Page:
The life of Queen Catherine has been one of the most popular themes in the history of Bosnia and Herzegovina, attracting the attention of scholars from the neighbouring countries of Croatia and Serbia as well. With the rise of ethnic nationalism, historians attempted to ascribe to her a particular national identityCroat, Serb or Bosniak, which is completely anachronistic to medieval times.[39]

Due to her association with both of its eponymous historical regions, as well as her personal and close familial ties to Catholicism, Eastern Orthodoxy, Bosnian Christianity and Islam, Queen Catherine is increasingly becoming an important state symbol in Bosnia and Herzegovina. The anniversary of her death attracts more attention each year and is now marked with a "Mass for the Homeland". Schools, community centers, institutions and various associations are being named after the Queen. An official delegation of the Presidency of Bosnia and Herzegovina laid a wreath at her tomb for the first time in 2014. Moreover, Catherine is becoming a transethnic symbol, although mainly between Catholic Croats and Muslim Bosniaks. Both groups tend to claim her as exclusively their own, as is the case with the rest of Bosnian medieval history. The political and religious leaders of the third group, Orthodox Serbs, also tend to claim Bosnian medieval history as exclusively their own but have not yet shown significant interest in Catherine herself.[41]


  1. ^ a b c Regan 2010, p. 60.
  2. ^ a b c Regan 2010, p. 15.
  3. ^ a b Ljubez 2009, p. 127.
  4. ^ Pandžić 1979, p. 15.
  5. ^ Tošić 1997, p. 75.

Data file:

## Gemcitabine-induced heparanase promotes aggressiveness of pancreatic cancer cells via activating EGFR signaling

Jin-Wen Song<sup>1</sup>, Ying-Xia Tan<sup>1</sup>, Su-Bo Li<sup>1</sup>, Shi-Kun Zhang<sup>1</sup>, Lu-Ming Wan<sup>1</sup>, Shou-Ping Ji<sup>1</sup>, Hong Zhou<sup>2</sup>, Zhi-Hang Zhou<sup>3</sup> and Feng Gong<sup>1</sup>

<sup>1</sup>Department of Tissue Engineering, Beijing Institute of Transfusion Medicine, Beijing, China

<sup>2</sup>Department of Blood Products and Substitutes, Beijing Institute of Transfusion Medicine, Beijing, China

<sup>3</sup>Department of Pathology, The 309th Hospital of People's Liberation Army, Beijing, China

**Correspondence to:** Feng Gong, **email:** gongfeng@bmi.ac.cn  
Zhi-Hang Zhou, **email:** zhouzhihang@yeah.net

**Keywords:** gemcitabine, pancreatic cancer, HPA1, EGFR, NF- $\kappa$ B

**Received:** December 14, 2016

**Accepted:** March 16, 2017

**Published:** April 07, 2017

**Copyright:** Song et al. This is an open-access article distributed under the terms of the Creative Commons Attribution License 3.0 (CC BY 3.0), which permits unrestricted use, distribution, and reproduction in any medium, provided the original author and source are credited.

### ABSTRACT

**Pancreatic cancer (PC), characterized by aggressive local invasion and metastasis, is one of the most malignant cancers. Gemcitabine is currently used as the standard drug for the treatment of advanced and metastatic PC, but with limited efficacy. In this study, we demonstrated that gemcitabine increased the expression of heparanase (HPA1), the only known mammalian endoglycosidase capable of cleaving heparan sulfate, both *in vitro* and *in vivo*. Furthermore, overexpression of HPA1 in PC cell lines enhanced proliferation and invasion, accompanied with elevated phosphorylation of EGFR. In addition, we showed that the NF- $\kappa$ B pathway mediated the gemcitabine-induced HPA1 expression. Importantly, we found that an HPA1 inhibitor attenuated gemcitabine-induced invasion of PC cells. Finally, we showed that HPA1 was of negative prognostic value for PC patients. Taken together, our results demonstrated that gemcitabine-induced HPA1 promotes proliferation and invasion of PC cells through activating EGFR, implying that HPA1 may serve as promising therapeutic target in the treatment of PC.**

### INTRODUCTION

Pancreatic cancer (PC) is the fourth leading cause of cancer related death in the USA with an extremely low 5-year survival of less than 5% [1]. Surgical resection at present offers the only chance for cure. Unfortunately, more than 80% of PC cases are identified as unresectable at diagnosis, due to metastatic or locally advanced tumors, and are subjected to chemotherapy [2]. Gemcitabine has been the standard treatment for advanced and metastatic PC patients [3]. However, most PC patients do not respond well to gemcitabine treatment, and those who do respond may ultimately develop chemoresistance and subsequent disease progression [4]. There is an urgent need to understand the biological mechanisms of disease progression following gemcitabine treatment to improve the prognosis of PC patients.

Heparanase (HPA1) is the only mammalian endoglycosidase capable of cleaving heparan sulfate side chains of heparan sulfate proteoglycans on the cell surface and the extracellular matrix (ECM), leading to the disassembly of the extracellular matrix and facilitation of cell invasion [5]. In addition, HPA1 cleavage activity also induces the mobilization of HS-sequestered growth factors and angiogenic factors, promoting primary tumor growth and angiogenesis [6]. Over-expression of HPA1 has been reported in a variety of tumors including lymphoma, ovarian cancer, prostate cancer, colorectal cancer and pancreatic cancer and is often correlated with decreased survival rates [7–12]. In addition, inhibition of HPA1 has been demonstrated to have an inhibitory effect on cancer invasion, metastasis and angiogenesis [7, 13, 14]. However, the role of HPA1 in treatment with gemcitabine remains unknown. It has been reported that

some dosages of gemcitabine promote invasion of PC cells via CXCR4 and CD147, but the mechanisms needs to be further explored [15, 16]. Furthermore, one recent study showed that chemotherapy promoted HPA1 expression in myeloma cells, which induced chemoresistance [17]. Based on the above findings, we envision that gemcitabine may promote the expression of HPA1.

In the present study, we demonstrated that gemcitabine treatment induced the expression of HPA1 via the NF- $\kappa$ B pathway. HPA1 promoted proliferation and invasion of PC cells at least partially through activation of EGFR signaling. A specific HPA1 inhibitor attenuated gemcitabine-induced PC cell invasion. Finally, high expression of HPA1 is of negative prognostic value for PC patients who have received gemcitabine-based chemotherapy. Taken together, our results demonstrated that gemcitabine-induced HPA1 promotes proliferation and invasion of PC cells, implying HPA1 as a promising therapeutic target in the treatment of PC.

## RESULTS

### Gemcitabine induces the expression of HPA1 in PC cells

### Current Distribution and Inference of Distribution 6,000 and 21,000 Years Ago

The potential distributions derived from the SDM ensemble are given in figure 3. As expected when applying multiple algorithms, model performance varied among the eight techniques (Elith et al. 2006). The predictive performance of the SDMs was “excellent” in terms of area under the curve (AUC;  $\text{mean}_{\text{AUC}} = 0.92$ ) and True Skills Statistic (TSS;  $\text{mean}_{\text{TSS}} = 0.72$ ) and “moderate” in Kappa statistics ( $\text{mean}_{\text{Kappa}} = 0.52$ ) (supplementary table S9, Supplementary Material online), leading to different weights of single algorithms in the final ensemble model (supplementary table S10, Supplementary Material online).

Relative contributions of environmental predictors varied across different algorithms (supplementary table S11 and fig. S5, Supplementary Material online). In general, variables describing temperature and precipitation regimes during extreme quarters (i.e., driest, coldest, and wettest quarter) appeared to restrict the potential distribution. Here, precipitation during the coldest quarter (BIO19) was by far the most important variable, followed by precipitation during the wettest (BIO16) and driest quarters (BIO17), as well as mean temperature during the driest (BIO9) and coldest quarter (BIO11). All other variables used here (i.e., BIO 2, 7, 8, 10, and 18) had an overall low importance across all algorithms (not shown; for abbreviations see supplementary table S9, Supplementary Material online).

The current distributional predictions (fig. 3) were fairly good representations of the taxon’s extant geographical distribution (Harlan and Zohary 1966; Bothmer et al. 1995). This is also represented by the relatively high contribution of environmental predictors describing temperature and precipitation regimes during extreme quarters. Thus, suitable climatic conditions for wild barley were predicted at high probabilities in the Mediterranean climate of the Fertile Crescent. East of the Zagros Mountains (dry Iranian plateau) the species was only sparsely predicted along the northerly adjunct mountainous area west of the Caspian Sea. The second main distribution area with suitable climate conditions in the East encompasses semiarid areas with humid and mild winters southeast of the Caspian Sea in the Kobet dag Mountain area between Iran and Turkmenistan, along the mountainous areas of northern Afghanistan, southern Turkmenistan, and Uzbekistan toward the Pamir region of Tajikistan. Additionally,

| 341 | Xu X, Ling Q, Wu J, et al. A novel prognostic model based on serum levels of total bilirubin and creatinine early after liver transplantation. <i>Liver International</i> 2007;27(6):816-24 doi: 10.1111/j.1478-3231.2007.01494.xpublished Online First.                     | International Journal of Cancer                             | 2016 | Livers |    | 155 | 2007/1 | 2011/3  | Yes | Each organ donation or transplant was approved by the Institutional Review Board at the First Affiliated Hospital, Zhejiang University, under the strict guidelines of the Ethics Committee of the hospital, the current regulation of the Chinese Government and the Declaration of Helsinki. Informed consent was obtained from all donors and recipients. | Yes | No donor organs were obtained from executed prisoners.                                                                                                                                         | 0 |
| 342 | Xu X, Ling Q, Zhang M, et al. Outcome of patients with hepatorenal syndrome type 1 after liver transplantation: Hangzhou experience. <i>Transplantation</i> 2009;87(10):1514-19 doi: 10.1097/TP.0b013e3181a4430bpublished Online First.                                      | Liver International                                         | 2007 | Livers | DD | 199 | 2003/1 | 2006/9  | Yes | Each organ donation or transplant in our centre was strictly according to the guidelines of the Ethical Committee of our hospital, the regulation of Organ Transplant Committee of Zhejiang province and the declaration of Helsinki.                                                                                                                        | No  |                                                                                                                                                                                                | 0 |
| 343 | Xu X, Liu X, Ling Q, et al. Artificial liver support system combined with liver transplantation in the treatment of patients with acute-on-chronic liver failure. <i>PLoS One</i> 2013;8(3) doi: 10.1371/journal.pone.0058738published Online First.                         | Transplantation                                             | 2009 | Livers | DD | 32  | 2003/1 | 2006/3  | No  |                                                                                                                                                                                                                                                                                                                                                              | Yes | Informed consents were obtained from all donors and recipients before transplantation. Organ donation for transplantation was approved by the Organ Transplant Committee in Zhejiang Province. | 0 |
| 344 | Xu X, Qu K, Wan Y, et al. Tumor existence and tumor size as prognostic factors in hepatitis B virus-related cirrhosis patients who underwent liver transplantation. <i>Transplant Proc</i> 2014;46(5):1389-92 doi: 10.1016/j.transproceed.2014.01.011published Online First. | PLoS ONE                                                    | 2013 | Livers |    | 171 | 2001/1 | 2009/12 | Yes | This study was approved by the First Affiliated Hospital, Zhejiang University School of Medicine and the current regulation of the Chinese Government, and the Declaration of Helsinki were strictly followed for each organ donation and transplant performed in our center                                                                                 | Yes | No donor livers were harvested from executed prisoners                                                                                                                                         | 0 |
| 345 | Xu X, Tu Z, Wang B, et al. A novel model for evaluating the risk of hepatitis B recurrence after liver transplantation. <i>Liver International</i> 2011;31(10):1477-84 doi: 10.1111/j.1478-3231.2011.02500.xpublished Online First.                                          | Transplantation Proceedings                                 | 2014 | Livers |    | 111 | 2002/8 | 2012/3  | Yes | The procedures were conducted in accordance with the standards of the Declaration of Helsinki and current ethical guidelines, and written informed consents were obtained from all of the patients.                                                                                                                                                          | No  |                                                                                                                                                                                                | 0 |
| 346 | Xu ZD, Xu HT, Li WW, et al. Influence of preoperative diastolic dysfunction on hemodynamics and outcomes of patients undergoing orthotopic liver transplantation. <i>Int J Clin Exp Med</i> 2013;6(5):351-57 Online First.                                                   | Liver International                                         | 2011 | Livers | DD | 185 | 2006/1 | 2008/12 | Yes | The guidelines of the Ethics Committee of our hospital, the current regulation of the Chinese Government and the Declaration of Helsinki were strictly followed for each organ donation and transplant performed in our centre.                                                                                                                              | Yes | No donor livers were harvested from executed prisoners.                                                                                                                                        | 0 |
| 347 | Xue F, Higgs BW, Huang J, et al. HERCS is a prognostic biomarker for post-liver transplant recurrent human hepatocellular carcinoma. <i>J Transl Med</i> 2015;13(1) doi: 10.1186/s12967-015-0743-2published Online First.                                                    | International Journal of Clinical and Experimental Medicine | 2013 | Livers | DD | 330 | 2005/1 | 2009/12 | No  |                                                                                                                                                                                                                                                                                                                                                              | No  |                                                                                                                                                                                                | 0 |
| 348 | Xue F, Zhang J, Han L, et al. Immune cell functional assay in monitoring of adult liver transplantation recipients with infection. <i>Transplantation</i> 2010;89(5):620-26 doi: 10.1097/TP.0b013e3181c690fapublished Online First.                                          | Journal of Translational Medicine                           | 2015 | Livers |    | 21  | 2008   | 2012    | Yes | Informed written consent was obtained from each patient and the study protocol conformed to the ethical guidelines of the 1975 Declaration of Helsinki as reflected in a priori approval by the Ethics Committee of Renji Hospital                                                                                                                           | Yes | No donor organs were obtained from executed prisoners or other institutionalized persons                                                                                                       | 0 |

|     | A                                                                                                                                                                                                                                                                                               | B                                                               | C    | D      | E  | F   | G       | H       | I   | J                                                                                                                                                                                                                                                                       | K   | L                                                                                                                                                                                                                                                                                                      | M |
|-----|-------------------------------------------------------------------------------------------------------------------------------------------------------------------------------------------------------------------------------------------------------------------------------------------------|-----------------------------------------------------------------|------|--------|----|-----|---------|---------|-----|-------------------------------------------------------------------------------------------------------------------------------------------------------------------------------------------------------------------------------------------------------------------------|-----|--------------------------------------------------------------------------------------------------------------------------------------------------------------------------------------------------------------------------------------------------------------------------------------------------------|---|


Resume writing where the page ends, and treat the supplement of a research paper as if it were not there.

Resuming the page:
6. ^ a b Mandić 1960, p. 320.
  7. ^ a b c d Fine 2007, p. 241.
  8. ^ Pandžić 1979, p. 16.
  9. ^ Regan 2010, p. 16.
  10. ^ a b c Pandžić 1979, p. 17.
  11. ^ Ljubez 2009, p. 141.
  12. ^ Regan 2010, p. 17.
  13. ^ Ljubez 2009, p. 128.
  14. ^ Regan 2010, pp. 18–19.
  15. ^ a b c Mandić 1960, p. 277.
  16. ^ a b Draganović 1942, p. 555.
  17. ^ a b c d Regan 2010, p. 19.
  18. ^ Pandžić 1979, p. 18.
  19. ^ Regan 2010, pp. 20–21.
  20. ^ Regan 2010, p. 22.
  21. ^ Regan 2010, p. 23.
  22. ^ Regan 2010, p. 24.
  23. ^ Regan 2010, p. 25.
  24. ^ Regan 2010, p. 26.
  25. ^ Regan 2010, p. 27.
  26. ^ Regan 2010, p. 28.
  27. ^ Regan 2010, p. 9.
  28. ^ a b Regan 2010, p. 30.
  29. ^ Regan 2010, p. 31.
  30. ^ Pandžić 1979, p. 19.
  31. ^ a b Regan 2010, p. 32.
  32. ^ a b Regan 2010, p. 33.
  33. ^ Pandžić 1979, pp. 20–21.
  34. ^ a b c d Regan 2010, p. 34.
  35. ^ Pandžić 1979, p. 23.
  36. ^ Pandžić 1979, p. 24.
  37. ^ Tošić 1997, p. 111.
  38. ^ Regan 2010, p. 73.
  39. ^ a b Regan 2010, p. 75.
  40. ^ Palavestra 1979, p. 94.
  41. ^ Lovrenović 2014.